- Tom Ward

Dear Merck, We were so excited to hear that Clark’s Clearing will be getting a makeover. During the Spring of 1997, eighteen years ago, the two of us (young fiancees) hiked up to the small cabin for one night to write our wedding vows in preparation for our June wedding. There is a very special, peaceful magic at Clark’s Clearing in that quaint little cabin. We wrote about love and commitment, about raising someday-children and sticking up for each other always. A few years ago, we brought our children—now 16 and 12 —up to the cabin, and found that it was no longer fit for humans, but rather a cozy home for porcupines. No matter —it was still beautiful and held the same comfort as it did the night we squeezed into the skinny wooden bunkbed together, huddled in our shared sleeping bag, promising to always be together. We will never forget the morning we woke up there, the sun sparkling through the trees, granting us well wishes for a long marriage. We took some black and white photos of us leaning against the cabin before we left. It is a memory neither of us will ever forget. If the journal to the cabin still exists somewhere, our little message of love will surely be in it. Thank you for giving Clark’s Clearing some much needed TLC. We cannot wait to return and renew our vows! With love, Jed and Mandy Mayer, West Rupert, VT

Photos by T. Ward and C. Hubbard

The rehabilitation of Clark’s Clearing Cabin has been the focus of Salem junior high students this summer. The small group of students spent Wednesdays with Ethan, Chris, and Tom, learned about carpentry, and they started the work on the previously defunct cabin.


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Panoramic shot of the patch cut at Ridge Cabin

Photo by E. Crumley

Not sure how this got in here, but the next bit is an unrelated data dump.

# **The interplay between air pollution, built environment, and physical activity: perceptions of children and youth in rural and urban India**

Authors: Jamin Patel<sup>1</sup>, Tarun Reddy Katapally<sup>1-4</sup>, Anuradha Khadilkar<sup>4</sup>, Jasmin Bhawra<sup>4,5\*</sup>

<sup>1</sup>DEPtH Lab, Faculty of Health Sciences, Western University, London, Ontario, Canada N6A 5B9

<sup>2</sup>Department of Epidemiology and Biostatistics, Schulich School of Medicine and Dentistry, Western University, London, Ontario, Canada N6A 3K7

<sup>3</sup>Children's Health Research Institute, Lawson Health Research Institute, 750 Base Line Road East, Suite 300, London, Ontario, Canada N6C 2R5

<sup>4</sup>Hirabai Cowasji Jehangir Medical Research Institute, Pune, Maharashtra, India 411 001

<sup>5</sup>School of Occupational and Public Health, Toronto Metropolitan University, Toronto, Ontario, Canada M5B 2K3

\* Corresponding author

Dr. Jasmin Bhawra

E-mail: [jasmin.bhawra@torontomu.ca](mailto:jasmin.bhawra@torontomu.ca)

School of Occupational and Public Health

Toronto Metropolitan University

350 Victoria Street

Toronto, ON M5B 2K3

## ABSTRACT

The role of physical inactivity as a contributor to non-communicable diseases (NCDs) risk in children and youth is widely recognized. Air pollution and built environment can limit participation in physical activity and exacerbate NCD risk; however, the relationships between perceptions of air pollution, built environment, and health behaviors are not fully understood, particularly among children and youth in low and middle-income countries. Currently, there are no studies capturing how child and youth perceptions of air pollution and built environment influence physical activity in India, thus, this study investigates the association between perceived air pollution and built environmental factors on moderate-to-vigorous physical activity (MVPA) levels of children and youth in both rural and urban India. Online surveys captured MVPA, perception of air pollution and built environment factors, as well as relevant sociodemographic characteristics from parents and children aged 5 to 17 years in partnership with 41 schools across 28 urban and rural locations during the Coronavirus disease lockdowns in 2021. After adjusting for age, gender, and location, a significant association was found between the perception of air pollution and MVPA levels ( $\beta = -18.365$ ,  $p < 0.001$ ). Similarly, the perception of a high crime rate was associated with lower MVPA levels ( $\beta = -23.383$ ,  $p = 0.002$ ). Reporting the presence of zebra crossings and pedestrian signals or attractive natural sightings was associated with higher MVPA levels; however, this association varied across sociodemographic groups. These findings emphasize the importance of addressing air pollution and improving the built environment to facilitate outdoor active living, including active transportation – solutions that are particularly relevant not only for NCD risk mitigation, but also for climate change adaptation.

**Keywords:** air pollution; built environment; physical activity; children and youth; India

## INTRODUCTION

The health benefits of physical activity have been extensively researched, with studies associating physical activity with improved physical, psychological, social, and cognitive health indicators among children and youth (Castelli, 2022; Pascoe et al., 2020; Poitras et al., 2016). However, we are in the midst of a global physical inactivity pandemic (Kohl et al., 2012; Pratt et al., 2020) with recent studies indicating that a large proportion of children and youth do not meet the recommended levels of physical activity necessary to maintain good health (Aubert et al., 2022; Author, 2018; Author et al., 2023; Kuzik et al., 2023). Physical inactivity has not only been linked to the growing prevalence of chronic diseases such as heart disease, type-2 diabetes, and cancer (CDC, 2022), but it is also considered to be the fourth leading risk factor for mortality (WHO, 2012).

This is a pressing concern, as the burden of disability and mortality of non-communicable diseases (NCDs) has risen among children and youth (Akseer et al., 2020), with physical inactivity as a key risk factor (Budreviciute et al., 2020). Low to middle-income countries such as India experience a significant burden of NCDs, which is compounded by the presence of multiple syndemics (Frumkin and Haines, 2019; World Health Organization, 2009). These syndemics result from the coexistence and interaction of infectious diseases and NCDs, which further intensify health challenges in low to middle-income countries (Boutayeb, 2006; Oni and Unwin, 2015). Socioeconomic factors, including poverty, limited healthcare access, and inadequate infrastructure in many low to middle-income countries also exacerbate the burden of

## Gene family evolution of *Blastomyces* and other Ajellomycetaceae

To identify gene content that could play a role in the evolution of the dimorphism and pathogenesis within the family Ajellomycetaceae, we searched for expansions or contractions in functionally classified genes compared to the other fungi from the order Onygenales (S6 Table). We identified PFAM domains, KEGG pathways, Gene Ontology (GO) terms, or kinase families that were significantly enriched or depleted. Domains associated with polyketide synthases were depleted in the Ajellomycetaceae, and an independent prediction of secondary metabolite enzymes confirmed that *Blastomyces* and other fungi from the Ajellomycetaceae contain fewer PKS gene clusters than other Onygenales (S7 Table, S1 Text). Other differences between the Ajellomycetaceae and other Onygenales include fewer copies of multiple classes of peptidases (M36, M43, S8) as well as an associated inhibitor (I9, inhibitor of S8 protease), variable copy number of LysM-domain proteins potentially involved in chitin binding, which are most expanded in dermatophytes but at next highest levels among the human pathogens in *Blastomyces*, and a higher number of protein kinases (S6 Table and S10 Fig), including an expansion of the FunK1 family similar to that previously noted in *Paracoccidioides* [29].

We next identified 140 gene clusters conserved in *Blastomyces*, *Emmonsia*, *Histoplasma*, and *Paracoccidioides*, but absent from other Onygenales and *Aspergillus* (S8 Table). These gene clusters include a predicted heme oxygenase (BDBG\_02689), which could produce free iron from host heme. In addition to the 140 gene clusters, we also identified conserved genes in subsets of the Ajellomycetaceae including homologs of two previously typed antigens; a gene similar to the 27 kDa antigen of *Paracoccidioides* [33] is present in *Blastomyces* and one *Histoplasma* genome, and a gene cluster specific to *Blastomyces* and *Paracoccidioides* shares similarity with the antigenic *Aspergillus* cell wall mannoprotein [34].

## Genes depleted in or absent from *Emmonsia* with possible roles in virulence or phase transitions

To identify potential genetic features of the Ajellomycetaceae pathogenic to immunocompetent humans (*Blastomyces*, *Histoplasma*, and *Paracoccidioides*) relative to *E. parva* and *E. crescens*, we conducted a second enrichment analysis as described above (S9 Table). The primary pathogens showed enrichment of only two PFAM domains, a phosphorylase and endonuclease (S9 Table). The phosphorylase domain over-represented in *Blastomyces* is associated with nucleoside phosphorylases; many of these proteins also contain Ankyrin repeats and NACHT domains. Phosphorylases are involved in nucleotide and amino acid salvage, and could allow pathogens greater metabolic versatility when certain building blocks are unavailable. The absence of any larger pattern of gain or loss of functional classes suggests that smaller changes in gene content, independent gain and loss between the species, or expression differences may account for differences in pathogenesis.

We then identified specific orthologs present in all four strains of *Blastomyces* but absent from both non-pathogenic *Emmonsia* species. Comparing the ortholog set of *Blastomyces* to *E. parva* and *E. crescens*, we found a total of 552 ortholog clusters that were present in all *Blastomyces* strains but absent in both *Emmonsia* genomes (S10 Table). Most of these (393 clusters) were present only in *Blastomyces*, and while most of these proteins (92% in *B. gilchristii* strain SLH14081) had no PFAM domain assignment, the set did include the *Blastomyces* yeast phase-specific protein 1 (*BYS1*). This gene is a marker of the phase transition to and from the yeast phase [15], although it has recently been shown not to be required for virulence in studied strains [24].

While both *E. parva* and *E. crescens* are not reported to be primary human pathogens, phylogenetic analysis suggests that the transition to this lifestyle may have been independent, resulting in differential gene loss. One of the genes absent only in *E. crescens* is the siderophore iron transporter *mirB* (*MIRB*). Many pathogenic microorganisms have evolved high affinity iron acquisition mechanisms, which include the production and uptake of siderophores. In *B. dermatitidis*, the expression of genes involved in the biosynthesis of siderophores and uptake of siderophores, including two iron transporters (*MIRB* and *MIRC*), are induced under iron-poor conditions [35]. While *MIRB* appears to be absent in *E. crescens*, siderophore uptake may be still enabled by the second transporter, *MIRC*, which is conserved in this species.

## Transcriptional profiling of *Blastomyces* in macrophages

Opening Up the View: Timber Harvest at the Cabins By Ethan Crumley, Forester Changing seasons bring changing sounds and sights in the forest. This past spring the roar of chainsaws could be heard echoing through the mountains at Merck Forest, as a new sight was being unveiled: the opening of the viewsheds at Viewpoint and Ridge cabins. There are several reasons why we decided to pursue this endeavor, and in order to open the vistas, we hired a local, professional logger to harvest the two patch cuts. One of reasons we harvest wood from around the cabins is because of the views. The views are incredible as you hike to the cabins and the surrounding landscape unfolds before your eyes. Now at Viewpoint Cabin you can see Antone Mountain front and center. Looking further south you will see the three peaks of Shatterack Mountain. Looking east, on the other side of Antone, the hills of Washington County in New York can be seen rippling towards the distant Adirondacks. The view from Ridge Cabin is also impressive. From east to west the view includes Spruce Peak, Bear Mountain (the highest mountain in view at 3,301 ft.), and Shatterack Mtn. At the furthest extent of the view to the west, Antone Mountain once again makes an appearance. Cabin users may be awed when they see the changes made. A second benefit of these harvests is firewood. The two patch cuts together resulted in a season’s worth of firewood (about 60 cords) for Merck. Sustainable wood heat is vital to our organization as we use it for maple syrup production, lodging, the maintenance building, and the Visitor Center.